Deal’s support — whether it be tacit or explicit — is crucial. While the governor would have no say in the constitutional amendment that would legalize gambling — that requires a two-thirds legislative vote and support from a majority of voters in a ballot referendum — he would have to OK the enabling legislation that would spell out how casinos would be operated.
The governor said if the constitutional amendment receives popular support, he would be hard-pressed to veto it. But he would also be wary of signing it, giving his long-standing opposition to the idea. That’s where a third option — one that has gone largely unused in recent Georgia history — comes into play.
The governor has 40 days to sign or veto a bill after the legislative session is gaveled to an end. But if he chooses to take no action on a proposal during that window, it automatically becomes law after the 40 days are up.
“I don’t have to sign anything for it to become law,” Deal said with a smile.
Deal’s stance aside, daunting hurdles remain in securing enough legislative support. Several Republican legislators, including state Sens. Judson Hill and Tommie Williams, have tied gambling to increased crime and other social ills. Hill, for one, has said lawmakers should focus instead on cutting spending.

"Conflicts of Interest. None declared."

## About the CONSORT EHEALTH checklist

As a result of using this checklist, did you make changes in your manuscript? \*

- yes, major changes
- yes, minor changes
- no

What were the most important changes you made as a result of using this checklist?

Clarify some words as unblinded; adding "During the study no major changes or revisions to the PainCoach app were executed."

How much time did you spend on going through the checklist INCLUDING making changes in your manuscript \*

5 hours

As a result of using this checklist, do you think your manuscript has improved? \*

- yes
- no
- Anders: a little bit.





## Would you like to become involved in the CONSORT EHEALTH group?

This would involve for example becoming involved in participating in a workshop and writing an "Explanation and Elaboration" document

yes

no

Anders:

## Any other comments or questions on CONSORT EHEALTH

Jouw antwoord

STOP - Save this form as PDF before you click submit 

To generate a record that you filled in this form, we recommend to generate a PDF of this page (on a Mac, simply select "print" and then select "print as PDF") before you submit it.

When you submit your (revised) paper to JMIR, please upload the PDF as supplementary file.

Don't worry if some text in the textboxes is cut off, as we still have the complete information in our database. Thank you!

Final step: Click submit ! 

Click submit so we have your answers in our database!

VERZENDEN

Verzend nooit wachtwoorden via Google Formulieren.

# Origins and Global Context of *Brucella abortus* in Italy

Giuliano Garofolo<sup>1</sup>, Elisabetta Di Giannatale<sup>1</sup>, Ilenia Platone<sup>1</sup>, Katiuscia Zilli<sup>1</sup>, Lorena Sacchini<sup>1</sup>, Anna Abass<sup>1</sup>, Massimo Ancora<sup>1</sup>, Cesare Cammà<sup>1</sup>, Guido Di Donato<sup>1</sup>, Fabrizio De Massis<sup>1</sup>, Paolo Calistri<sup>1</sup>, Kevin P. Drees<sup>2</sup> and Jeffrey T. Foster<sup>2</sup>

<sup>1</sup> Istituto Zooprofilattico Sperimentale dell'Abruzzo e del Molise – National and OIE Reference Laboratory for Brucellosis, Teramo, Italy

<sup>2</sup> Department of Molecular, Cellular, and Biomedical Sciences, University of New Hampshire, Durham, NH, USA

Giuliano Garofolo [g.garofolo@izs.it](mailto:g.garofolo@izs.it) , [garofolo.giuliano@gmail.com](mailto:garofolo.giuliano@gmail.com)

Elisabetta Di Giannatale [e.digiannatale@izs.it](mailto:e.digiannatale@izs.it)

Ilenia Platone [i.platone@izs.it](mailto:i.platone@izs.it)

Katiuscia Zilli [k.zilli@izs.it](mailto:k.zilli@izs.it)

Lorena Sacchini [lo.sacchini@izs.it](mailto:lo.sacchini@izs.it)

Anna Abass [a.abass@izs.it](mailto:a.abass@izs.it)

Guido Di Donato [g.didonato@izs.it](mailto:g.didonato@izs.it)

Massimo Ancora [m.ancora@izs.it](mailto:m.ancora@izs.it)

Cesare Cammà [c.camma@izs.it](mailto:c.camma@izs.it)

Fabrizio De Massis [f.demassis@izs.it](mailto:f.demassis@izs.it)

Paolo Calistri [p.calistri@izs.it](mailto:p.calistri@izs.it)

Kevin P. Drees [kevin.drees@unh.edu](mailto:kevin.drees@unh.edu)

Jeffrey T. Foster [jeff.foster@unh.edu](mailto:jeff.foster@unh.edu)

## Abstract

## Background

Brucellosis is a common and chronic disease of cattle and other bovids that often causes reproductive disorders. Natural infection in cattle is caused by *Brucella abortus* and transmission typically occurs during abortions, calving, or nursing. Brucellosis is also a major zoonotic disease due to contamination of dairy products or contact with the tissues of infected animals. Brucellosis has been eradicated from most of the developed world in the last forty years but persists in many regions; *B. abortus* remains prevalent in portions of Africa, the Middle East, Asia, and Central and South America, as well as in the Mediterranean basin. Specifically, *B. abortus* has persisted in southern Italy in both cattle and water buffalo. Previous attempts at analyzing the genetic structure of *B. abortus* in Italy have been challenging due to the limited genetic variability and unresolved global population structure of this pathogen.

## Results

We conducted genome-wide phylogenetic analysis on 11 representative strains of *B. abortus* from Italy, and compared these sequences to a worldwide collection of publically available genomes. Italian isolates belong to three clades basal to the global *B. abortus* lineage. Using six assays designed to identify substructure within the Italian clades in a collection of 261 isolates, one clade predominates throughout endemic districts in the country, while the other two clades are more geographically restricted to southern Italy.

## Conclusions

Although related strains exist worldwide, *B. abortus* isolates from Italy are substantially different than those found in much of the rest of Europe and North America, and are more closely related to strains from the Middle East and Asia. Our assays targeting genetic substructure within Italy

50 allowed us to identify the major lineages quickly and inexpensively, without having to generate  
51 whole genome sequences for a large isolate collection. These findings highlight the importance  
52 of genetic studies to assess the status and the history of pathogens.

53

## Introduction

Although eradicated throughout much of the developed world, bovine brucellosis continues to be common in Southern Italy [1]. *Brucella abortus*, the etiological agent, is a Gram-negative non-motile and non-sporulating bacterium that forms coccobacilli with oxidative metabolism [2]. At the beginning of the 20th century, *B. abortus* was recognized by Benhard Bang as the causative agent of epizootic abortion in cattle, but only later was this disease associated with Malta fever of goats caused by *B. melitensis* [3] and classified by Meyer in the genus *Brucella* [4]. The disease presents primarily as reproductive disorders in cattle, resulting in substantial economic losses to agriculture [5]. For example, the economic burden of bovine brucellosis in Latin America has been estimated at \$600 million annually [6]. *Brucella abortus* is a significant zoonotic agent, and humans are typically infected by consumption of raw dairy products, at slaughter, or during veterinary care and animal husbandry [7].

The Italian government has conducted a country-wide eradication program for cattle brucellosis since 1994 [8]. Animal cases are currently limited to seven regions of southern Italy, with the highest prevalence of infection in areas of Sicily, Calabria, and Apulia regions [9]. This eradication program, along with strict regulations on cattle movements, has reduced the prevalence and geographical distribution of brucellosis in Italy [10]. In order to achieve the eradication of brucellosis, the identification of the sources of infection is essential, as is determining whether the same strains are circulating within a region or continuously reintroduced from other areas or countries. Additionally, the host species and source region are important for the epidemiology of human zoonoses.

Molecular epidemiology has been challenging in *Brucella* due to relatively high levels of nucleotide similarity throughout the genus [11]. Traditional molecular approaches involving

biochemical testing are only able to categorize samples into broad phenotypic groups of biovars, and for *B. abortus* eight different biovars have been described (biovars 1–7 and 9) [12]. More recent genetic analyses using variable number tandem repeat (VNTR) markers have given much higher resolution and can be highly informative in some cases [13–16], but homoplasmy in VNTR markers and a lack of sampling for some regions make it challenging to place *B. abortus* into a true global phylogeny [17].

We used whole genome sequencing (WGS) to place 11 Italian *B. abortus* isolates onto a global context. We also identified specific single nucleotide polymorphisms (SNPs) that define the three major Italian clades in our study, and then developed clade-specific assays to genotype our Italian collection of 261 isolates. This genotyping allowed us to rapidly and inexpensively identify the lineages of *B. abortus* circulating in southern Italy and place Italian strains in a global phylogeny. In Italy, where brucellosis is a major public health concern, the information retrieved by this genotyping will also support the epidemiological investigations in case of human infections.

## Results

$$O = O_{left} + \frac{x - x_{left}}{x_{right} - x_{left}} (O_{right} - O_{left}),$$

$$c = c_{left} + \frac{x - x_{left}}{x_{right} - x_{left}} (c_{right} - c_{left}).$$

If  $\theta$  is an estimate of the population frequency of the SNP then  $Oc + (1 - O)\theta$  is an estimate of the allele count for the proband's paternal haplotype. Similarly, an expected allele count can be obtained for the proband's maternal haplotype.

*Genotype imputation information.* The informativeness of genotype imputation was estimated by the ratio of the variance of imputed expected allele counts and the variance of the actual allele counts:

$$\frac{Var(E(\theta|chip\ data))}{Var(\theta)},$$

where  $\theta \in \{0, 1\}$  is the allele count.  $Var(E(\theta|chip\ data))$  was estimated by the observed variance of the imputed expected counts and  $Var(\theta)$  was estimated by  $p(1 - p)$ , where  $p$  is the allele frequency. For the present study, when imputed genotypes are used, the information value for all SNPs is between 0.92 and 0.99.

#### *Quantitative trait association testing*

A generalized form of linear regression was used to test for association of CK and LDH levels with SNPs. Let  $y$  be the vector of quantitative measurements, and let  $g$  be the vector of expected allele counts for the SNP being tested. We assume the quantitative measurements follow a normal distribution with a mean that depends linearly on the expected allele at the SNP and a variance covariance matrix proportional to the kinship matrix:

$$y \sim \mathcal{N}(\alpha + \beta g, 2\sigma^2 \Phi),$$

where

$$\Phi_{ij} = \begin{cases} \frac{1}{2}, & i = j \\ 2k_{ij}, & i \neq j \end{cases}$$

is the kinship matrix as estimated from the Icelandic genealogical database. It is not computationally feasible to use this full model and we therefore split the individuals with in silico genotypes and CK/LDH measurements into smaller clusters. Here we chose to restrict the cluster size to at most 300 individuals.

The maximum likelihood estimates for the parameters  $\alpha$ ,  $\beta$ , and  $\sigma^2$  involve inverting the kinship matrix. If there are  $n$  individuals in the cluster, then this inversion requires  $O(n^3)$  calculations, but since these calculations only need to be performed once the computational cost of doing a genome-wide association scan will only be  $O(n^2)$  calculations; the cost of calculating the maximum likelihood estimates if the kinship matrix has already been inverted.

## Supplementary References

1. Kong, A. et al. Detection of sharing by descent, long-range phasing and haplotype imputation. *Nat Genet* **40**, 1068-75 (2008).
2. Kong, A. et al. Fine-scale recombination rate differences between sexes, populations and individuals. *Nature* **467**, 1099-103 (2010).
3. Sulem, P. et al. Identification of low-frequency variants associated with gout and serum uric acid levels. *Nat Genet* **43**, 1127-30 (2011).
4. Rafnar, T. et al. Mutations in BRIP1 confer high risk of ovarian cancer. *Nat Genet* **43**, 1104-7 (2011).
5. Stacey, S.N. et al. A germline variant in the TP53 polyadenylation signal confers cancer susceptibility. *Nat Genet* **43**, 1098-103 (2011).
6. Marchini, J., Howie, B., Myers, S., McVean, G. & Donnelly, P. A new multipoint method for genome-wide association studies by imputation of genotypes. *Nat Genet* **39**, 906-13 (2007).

Gambling advocates, meanwhile, depict casinos as an immediate way to boost Georgia Lottery-funded programs such as the HOPE scholarship that have cut rewards amid increasing demand.
State Rep. Ron Stephens, a Savannah Republican who sponsored the constitutional amendment, said the debate over gambling was settled decades ago when voters approved the Georgia Lottery.
“The question is not about casinos,” he said. “It’s about the HOPE scholarship and HOPE grants and tourism.”